A ukase, or ukaz (/jˈks/;[1] Russian: указ [ʊˈkas], formally "imposition"), in Imperial Russia, was a proclamation of the tsar, government,[2] or a religious leader (patriarch) that had the force of law. "Edict" and "decree" are adequate translations using the terminology and concepts of Roman law.

From the Russian term, the word ukase has entered the English language with the meaning of "any proclamation or decree; an order or regulation of a final or arbitrary nature".[1]


Prior to the 1917 October Revolution, the term applied in Russia to an edict or ordinance, legislative or administrative, having the force of law. A ukase proceeded either from the emperor or from the senate, which had the power of issuing such ordinances for the purpose of carrying out existing decrees. All such decrees were promulgated by the senate. A difference was drawn between the ukase signed by the emperor’s hand and his verbal ukase, or order, made upon a report submitted to him.[3]

After the Revolution, a government proclamation of wide meaning was called a "decree" (Russian: декрет, dekret); more specific proclamations were called ukaz. Both terms are usually translated as "decree".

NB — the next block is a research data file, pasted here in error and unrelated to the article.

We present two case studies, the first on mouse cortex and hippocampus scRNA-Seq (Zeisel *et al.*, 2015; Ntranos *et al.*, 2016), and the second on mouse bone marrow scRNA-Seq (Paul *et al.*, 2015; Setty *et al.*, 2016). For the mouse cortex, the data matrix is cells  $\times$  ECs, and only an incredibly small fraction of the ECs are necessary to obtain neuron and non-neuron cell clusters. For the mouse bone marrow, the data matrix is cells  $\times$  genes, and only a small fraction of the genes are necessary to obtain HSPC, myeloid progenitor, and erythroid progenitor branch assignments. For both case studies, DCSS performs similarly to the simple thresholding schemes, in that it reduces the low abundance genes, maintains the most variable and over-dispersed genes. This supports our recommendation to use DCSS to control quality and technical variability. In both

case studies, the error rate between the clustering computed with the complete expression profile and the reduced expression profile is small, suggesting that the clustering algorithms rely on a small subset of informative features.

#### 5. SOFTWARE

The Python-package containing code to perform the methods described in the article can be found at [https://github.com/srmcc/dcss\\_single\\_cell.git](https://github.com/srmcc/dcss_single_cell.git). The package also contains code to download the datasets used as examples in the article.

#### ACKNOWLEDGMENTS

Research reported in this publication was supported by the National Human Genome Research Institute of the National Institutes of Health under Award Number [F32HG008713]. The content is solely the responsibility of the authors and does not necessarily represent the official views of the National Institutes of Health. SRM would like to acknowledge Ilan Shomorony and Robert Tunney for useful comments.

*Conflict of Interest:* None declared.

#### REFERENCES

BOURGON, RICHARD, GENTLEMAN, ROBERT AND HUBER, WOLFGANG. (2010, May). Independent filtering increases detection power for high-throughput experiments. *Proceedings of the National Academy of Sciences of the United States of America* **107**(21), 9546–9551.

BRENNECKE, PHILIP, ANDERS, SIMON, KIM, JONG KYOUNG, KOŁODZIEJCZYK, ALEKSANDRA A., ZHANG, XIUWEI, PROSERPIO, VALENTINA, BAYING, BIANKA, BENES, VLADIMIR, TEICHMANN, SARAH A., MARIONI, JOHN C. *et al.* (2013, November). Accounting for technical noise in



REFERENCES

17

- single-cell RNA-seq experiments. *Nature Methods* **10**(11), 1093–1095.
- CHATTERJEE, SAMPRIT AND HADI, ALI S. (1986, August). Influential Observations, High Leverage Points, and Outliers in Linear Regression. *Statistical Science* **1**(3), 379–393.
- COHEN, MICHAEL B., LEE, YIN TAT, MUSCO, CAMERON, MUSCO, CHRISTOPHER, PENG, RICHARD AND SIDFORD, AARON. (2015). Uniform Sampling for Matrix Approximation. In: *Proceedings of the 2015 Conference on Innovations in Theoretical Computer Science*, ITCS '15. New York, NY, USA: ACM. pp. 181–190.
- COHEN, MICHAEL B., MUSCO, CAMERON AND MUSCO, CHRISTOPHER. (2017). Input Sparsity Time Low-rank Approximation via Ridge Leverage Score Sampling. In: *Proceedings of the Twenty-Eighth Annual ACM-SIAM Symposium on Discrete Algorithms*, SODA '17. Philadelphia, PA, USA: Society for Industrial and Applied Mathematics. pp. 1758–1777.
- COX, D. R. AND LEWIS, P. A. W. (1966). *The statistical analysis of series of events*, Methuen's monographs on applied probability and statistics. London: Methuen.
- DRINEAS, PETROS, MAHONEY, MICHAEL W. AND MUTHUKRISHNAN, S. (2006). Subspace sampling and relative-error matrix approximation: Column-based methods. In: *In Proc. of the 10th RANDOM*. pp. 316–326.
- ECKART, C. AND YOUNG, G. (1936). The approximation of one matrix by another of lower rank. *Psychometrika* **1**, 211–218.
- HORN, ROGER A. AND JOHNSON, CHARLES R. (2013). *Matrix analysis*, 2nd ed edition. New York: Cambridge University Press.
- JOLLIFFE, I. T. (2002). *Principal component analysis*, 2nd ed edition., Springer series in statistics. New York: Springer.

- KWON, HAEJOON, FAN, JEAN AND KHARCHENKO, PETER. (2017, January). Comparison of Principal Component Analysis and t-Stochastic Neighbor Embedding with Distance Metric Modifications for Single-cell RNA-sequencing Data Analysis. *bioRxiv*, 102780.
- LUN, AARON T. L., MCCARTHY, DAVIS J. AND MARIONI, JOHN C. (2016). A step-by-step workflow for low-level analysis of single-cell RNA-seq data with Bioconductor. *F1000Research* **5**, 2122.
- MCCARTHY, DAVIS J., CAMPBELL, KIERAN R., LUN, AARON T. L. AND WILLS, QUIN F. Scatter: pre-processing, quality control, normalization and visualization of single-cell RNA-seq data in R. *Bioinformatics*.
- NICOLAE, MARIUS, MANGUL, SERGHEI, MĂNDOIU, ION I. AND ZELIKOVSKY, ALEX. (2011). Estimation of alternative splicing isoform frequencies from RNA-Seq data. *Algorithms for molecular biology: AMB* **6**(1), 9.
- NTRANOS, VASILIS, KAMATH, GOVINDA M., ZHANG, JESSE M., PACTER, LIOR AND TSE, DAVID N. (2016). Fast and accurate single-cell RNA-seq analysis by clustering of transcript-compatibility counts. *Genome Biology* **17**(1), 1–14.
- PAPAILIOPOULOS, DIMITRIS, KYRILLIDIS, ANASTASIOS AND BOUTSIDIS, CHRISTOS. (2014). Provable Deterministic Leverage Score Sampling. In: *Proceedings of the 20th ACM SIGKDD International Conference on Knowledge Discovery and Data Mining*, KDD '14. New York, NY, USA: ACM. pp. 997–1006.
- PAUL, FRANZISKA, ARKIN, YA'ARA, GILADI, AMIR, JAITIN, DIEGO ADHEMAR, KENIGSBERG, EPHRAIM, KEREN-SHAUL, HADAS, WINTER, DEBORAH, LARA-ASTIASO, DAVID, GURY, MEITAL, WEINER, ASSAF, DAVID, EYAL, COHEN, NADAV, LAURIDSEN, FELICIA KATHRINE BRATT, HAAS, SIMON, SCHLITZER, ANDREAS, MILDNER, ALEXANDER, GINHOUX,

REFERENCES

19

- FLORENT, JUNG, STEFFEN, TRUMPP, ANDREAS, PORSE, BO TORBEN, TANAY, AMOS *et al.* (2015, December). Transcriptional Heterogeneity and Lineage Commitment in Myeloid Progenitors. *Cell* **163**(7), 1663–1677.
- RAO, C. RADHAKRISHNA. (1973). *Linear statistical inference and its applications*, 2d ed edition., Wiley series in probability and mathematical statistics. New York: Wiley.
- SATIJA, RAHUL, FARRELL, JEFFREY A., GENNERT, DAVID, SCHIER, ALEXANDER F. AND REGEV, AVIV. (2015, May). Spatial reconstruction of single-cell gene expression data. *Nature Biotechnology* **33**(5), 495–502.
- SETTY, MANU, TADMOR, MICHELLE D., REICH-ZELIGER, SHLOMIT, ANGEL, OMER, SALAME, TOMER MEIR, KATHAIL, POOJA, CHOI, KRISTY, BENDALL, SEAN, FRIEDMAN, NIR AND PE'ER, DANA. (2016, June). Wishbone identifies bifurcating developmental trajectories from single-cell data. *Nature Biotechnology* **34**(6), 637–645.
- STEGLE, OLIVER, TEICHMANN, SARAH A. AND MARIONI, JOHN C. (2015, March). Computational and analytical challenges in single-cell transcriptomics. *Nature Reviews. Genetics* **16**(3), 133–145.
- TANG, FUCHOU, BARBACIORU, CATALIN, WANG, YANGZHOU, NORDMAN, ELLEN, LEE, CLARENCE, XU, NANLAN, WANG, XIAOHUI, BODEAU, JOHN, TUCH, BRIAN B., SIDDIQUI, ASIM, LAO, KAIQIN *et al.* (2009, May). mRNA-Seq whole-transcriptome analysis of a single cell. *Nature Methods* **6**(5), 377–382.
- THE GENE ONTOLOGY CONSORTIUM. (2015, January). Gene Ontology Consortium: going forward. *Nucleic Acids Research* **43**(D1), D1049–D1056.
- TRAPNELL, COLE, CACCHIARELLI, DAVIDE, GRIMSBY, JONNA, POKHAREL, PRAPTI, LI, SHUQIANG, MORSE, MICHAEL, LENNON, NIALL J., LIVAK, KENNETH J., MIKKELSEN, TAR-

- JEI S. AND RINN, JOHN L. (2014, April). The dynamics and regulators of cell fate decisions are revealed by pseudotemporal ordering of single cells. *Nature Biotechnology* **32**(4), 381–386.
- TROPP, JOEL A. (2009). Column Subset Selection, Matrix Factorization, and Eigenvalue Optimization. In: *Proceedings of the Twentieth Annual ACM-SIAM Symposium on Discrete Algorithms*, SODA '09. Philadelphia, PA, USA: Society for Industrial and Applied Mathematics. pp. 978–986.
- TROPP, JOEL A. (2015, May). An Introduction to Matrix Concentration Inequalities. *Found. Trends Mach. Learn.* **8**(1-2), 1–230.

Executive Order of the President of Russia

According to the Russian Federation's 1993 constitution, an ukaz is a presidential decree. The English term "executive order" is also used by the official website as an equivalent of the Russian ukaz.[4]

As normative legal acts, such ukazes have a status of by-law in the hierarchy of legal acts (along with a Decree of the Government of the Russian Federation, instructions and directions of other officials). Presidential decrees may not alter the regulations of existing legal sources - Russia's international agreements, the Constitution of Russia, Federal Constitutional Laws, Federal Laws and laws of Russian regions - and may be superseded by any of these laws. For example, thanks to Article 15 of the Constitution of Russia, the European Convention on Human Rights, as an international document, has higher status than any Russian law or presidential executive order.[5]

See also



  • OED staff (1989). "ukase, n." (Second ed.). Earlier version first published in New English Dictionary, 1921.

The dictionary definition of ukase at Wiktionary

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